How to Play the 4-string Cigar Box Guitar - Video Lesson Pack from Keni Lee Burgess
These lessons are perfect for beginners as a fun and educational method to learning music and playing guitar. Building and playing homemade instruments out of cigar boxes became popularized during the Great Depression of the 1930s and was a starting point for many famous musicans like Blind Willie Johnson, Lightnin Hopkins, Charlie Christian, Carl Perkins, Jimi Hendrix, George Benson, Roy Clark...
These video lessons are for a 4-string fretted instrument tuned D g b d: this includes 4-string cigar box guitars, tenor guitars and more.
This is a digital content purchase that entitles you to download a collection of files: 12 separate MP4 music files, and 3 ZIP files that must be decompressed/extracted to access the contents.
- Lesson 1A - In this lesson, we will learn an arrangement of Robert Johnson's Come On In My Kitchen.
- Lesson 1B - In this next installment, we will continue our study of the second part of an arrangement of Robert Johnson's Come On In My Kitchen.
- Lesson 2 - A breakdown of an arrangement of Little Red Rooster by Willie Dixon and popularized by vocalist Howlin' Wolf.
- Lesson 3 - We will explore the single note lines that are used to accompany singing and the "call and response" fills that are used to play lead. The 5 note Minor Pentatonic Blues scale is presented in three positions to provide a framework for learning to create lead / melody lines against a 12 bar Blues progression. (Supplement Lesson B and C Jam track)
- Lesson 4 - Pentatonic scale exercises are presented to improve left hand movement and right-hand picking. A Blues arrangement is taught to demonstrate utilizing these ideas to create your own Blues song.
- Lesson 5A - To begin to understand how to build chords down the fingerboard, we will study the major scale and harmonizing two note doublestops on strings 2 and 3. These ideas will be applied to create Blues licks.
- Lesson 5B - Continuing with the previous lesson, we will examine the doublestops on strings 1 and 2. Skipping a string in between, we will also learn how to harmonize strings 1 and 3. These ideas will help clarify how to create fills while moving from chord to chord.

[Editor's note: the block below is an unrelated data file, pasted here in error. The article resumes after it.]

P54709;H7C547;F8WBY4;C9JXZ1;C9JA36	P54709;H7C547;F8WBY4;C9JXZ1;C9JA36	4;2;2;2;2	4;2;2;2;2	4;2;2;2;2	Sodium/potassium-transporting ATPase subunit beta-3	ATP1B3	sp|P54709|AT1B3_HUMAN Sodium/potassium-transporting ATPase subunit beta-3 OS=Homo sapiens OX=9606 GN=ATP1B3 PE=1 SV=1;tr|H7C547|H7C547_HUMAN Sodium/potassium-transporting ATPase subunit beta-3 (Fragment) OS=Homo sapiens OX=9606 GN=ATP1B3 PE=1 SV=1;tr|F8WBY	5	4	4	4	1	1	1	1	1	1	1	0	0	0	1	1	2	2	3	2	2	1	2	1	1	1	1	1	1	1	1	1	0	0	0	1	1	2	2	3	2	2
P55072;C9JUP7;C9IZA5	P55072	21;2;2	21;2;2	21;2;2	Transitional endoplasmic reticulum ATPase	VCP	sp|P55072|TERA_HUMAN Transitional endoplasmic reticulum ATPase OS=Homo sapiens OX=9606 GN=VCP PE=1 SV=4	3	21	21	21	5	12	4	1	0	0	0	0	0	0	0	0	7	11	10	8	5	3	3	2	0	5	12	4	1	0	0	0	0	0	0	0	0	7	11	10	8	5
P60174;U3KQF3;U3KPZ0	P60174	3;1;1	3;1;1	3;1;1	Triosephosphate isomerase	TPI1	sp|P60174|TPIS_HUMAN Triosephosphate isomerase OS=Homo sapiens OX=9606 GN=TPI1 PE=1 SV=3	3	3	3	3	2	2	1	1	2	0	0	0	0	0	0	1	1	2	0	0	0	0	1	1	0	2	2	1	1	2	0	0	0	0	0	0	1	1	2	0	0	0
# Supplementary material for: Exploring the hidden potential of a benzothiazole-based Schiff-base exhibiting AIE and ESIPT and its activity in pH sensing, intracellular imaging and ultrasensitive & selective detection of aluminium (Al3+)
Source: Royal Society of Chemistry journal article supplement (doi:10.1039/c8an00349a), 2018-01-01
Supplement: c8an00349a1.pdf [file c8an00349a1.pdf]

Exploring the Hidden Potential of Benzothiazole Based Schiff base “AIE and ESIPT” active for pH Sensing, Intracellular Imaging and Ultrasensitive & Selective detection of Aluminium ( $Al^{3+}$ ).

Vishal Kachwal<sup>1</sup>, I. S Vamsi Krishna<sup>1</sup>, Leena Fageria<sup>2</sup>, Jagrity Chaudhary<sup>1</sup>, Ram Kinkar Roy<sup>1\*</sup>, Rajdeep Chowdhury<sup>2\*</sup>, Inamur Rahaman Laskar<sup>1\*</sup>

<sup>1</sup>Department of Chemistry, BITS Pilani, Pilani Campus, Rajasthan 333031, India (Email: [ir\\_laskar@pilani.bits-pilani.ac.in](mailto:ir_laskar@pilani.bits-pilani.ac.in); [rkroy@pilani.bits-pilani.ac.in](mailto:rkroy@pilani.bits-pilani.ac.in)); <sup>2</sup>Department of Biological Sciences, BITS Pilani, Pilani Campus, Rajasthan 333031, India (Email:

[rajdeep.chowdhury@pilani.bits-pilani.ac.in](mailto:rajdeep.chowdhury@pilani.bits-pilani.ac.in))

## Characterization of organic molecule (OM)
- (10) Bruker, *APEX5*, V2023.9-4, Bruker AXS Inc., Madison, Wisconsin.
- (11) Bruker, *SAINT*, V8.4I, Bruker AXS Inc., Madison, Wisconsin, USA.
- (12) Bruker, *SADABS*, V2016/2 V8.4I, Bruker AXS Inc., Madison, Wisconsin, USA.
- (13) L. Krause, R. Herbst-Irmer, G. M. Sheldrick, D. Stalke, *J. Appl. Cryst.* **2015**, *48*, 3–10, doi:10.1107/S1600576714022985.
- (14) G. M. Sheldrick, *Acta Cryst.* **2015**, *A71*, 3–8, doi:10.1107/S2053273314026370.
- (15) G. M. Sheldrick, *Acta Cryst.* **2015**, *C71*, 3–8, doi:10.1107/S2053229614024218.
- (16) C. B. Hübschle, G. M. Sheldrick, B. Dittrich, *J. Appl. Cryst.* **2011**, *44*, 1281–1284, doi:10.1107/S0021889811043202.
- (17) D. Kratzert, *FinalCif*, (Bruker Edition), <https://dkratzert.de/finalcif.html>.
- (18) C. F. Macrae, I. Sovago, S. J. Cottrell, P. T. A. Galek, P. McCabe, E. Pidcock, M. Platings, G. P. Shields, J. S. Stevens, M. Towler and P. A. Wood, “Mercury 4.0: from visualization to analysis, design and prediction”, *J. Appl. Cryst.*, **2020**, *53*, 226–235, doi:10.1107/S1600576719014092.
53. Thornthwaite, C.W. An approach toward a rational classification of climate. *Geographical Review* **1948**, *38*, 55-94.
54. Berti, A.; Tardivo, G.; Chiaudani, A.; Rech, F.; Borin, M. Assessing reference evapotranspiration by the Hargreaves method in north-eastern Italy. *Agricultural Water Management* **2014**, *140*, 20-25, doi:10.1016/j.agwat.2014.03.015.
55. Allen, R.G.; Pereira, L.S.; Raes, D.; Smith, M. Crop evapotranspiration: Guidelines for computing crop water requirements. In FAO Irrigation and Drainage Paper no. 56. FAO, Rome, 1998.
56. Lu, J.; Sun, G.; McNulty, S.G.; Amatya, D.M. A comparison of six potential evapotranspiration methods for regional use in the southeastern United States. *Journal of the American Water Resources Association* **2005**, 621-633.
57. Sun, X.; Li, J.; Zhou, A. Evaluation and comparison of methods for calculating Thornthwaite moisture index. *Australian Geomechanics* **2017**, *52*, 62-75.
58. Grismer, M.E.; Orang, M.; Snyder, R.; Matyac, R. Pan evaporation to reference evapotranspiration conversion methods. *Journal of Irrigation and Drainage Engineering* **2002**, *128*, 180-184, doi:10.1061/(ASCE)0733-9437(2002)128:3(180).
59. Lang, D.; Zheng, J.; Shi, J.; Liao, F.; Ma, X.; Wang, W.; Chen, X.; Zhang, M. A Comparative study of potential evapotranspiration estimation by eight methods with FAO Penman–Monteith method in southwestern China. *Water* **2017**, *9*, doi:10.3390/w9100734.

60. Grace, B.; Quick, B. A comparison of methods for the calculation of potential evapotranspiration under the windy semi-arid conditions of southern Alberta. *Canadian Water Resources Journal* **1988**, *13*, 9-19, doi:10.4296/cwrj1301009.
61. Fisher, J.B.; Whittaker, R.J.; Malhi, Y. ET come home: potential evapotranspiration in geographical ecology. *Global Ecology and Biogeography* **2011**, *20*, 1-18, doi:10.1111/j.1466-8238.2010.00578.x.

- Lesson 6 - To better organize the fingerboard, we will use the major scale to explore the location of three different triad chord inversions up and down the fingerboard. This will clarify the relationship between single notes from the major scale, two note (harmony) doublestops, and three note triad chords. Understanding this information will make finding chords and creating your own arrangements easier.
- Lesson 7 - In this lesson we will apply our knowledge of chords to learn an arrangement of the Blues Standard Stormy Monday.
- Lesson 8 - Taking chord theory further, we will learn how notes from the major scale are added to the basic chord triad to create extended chords like the major 7th, 7th, 6th, Suspended 4nd and Suspended 2th.
- Lesson 9 - To learn how to apply our knowledge, we will examine an arrangement of Freight Train.
- Lesson 10 - In this lesson, we will learn 11 licks in the style of Robert Johnson and understand how they can be strung together to form a complete 12 bar Blues song.
Supplement Lessons Descriptions:
- Lesson A - How to play Jingle Bells.
- Lesson B - A 12 bar Blues bass jam track to play against and practice lead licks learned in Lesson 3.
- Lesson C - Lead examples played against the 12 bar Blues bass jam track and a "Green Onions" jam example.
- Lesson D - How to play Stand By Me (8 bar Blues)
- Lesson E - How to play a Ragtime Blues arrangement.